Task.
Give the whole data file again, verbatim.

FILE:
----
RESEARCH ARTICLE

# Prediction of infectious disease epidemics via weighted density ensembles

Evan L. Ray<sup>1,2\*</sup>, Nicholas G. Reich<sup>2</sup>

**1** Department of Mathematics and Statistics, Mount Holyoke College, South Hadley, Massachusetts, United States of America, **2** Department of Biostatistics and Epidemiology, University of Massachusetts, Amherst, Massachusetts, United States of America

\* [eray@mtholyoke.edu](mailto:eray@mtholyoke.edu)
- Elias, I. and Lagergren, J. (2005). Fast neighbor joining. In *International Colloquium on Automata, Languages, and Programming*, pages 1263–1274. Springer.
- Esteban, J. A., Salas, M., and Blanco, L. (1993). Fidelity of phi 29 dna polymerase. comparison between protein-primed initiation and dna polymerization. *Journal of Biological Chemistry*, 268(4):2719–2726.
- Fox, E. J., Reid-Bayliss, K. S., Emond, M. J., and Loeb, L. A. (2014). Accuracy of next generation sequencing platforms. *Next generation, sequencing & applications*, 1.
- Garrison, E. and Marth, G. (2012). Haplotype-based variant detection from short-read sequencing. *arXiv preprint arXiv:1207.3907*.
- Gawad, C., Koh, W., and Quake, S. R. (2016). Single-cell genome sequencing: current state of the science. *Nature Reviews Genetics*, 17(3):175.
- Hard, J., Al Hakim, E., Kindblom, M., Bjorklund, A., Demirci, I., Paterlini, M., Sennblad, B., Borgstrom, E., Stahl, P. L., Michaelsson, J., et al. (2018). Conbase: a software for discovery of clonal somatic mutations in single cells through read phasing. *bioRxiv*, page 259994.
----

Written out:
RESEARCH ARTICLE

# Prediction of infectious disease epidemics via weighted density ensembles

Evan L. Ray<sup>1,2\*</sup>, Nicholas G. Reich<sup>2</sup>

**1** Department of Mathematics and Statistics, Mount Holyoke College, South Hadley, Massachusetts, United States of America, **2** Department of Biostatistics and Epidemiology, University of Massachusetts, Amherst, Massachusetts, United States of America

\* [eray@mtholyoke.edu](mailto:eray@mtholyoke.edu)
- Elias, I. and Lagergren, J. (2005). Fast neighbor joining. In *International Colloquium on Automata, Languages, and Programming*, pages 1263–1274. Springer.
- Esteban, J. A., Salas, M., and Blanco, L. (1993). Fidelity of phi 29 dna polymerase. comparison between protein-primed initiation and dna polymerization. *Journal of Biological Chemistry*, 268(4):2719–2726.
- Fox, E. J., Reid-Bayliss, K. S., Emond, M. J., and Loeb, L. A. (2014). Accuracy of next generation sequencing platforms. *Next generation, sequencing & applications*, 1.
- Garrison, E. and Marth, G. (2012). Haplotype-based variant detection from short-read sequencing. *arXiv preprint arXiv:1207.3907*.
- Gawad, C., Koh, W., and Quake, S. R. (2016). Single-cell genome sequencing: current state of the science. *Nature Reviews Genetics*, 17(3):175.
- Hard, J., Al Hakim, E., Kindblom, M., Bjorklund, A., Demirci, I., Paterlini, M., Sennblad, B., Borgstrom, E., Stahl, P. L., Michaelsson, J., et al. (2018). Conbase: a software for discovery of clonal somatic mutations in single cells through read phasing. *bioRxiv*, page 259994.